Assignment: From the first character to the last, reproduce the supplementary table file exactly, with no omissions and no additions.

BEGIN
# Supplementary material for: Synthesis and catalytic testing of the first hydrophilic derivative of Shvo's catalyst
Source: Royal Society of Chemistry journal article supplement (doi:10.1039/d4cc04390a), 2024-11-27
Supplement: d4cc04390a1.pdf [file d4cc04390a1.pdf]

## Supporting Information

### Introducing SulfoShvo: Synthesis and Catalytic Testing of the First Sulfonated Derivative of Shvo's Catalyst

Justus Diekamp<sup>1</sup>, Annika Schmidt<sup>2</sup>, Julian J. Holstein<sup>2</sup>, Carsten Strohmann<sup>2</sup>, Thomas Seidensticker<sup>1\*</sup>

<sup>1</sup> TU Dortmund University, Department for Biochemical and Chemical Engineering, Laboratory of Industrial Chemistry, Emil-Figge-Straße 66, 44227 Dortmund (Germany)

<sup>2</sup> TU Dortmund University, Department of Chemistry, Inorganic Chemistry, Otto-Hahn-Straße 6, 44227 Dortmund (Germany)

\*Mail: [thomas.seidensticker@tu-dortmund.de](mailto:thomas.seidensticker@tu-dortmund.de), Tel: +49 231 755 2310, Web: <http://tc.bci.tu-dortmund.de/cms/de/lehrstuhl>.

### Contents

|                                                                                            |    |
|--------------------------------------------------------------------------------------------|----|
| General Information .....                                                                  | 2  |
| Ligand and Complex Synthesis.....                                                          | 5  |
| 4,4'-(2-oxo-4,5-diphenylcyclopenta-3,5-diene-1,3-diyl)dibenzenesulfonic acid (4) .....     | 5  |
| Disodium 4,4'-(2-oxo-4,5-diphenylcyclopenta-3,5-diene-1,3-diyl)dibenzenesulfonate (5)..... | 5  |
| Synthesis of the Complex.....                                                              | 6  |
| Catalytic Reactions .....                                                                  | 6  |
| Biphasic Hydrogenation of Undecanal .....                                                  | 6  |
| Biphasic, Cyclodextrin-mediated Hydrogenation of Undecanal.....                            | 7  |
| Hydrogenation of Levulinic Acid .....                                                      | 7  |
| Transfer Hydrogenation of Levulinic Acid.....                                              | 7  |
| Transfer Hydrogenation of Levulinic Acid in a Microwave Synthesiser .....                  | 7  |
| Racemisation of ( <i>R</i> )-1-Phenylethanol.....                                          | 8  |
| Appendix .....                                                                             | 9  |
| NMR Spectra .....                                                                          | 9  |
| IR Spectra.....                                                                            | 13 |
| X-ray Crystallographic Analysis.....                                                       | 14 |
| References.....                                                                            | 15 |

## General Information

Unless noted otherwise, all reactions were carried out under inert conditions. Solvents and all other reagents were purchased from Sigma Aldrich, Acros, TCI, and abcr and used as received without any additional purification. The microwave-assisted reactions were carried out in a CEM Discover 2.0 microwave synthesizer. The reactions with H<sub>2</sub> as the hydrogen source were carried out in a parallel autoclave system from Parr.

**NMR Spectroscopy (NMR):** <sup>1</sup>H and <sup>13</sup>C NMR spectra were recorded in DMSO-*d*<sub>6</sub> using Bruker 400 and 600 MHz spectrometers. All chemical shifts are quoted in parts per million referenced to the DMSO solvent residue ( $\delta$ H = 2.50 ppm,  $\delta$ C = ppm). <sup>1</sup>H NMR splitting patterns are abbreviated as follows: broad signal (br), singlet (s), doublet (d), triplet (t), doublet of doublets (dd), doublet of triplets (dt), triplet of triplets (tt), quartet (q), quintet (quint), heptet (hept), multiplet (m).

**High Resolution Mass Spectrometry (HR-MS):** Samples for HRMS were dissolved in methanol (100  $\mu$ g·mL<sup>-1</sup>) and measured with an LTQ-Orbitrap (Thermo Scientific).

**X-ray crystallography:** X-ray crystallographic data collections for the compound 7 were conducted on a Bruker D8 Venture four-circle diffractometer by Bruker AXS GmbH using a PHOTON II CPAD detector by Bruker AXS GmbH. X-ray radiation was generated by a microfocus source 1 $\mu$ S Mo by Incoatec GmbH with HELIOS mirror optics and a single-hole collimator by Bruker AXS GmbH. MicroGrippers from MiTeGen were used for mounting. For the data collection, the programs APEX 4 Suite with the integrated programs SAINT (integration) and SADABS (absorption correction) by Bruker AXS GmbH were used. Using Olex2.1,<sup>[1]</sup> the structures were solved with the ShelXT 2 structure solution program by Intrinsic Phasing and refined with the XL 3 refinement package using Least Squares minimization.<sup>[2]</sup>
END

# Supplementary material for: Synthesis and catalytic testing of the first hydrophilic derivative of Shvo's catalyst
Source: Royal Society of Chemistry journal article supplement (doi:10.1039/d4cc04390a), 2024-11-27
Supplement: d4cc04390a1.pdf [file d4cc04390a1.pdf]

## Supporting Information

### Introducing SulfoShvo: Synthesis and Catalytic Testing of the First Sulfonated Derivative of Shvo's Catalyst

Justus Diekamp<sup>1</sup>, Annika Schmidt<sup>2</sup>, Julian J. Holstein<sup>2</sup>, Carsten Strohmann<sup>2</sup>, Thomas Seidensticker<sup>1\*</sup>

<sup>1</sup> TU Dortmund University, Department for Biochemical and Chemical Engineering, Laboratory of Industrial Chemistry, Emil-Figge-Straße 66, 44227 Dortmund (Germany)

<sup>2</sup> TU Dortmund University, Department of Chemistry, Inorganic Chemistry, Otto-Hahn-Straße 6, 44227 Dortmund (Germany)

\*Mail: [thomas.seidensticker@tu-dortmund.de](mailto:thomas.seidensticker@tu-dortmund.de), Tel: +49 231 755 2310, Web: <http://tc.bci.tu-dortmund.de/cms/de/lehrstuhl>.

### Contents

|                                                                                            |    |
|--------------------------------------------------------------------------------------------|----|
| General Information .....                                                                  | 2  |
| Ligand and Complex Synthesis.....                                                          | 5  |
| 4,4'-(2-oxo-4,5-diphenylcyclopenta-3,5-diene-1,3-diyl)dibenzenesulfonic acid (4) .....     | 5  |
| Disodium 4,4'-(2-oxo-4,5-diphenylcyclopenta-3,5-diene-1,3-diyl)dibenzenesulfonate (5)..... | 5  |
| Synthesis of the Complex.....                                                              | 6  |
| Catalytic Reactions .....                                                                  | 6  |
| Biphasic Hydrogenation of Undecanal .....                                                  | 6  |
| Biphasic, Cyclodextrin-mediated Hydrogenation of Undecanal.....                            | 7  |
| Hydrogenation of Levulinic Acid .....                                                      | 7  |
| Transfer Hydrogenation of Levulinic Acid.....                                              | 7  |
| Transfer Hydrogenation of Levulinic Acid in a Microwave Synthesiser .....                  | 7  |
| Racemisation of ( <i>R</i> )-1-Phenylethanol.....                                          | 8  |
| Appendix .....                                                                             | 9  |
| NMR Spectra .....                                                                          | 9  |
| IR Spectra.....                                                                            | 13 |
| X-ray Crystallographic Analysis.....                                                       | 14 |
| References.....                                                                            | 15 |

## General Information

Unless noted otherwise, all reactions were carried out under inert conditions. Solvents and all other reagents were purchased from Sigma Aldrich, Acros, TCI, and abcr and used as received without any additional purification. The microwave-assisted reactions were carried out in a CEM Discover 2.0 microwave synthesizer. The reactions with H<sub>2</sub> as the hydrogen source were carried out in a parallel autoclave system from Parr.

**NMR Spectroscopy (NMR):** <sup>1</sup>H and <sup>13</sup>C NMR spectra were recorded in DMSO-*d*<sub>6</sub> using Bruker 400 and 600 MHz spectrometers. All chemical shifts are quoted in parts per million referenced to the DMSO solvent residue ( $\delta$ H = 2.50 ppm,  $\delta$ C = ppm). <sup>1</sup>H NMR splitting patterns are abbreviated as follows: broad signal (br), singlet (s), doublet (d), triplet (t), doublet of doublets (dd), doublet of triplets (dt), triplet of triplets (tt), quartet (q), quintet (quint), heptet (hept), multiplet (m).

**High Resolution Mass Spectrometry (HR-MS):** Samples for HRMS were dissolved in methanol (100  $\mu$ g·mL<sup>-1</sup>) and measured with an LTQ-Orbitrap (Thermo Scientific).

**X-ray crystallography:** X-ray crystallographic data collections for the compound 7 were conducted on a Bruker D8 Venture four-circle diffractometer by Bruker AXS GmbH using a PHOTON II CPAD detector by Bruker AXS GmbH. X-ray radiation was generated by a microfocus source 1 $\mu$ S Mo by Incoatec GmbH with HELIOS mirror optics and a single-hole collimator by Bruker AXS GmbH. MicroGrippers from MiTeGen were used for mounting. For the data collection, the programs APEX 4 Suite with the integrated programs SAINT (integration) and SADABS (absorption correction) by Bruker AXS GmbH were used. Using Olex2.1,<sup>[1]</sup> the structures were solved with the ShelXT 2 structure solution program by Intrinsic Phasing and refined with the XL 3 refinement package using Least Squares minimization.<sup>[2]</sup>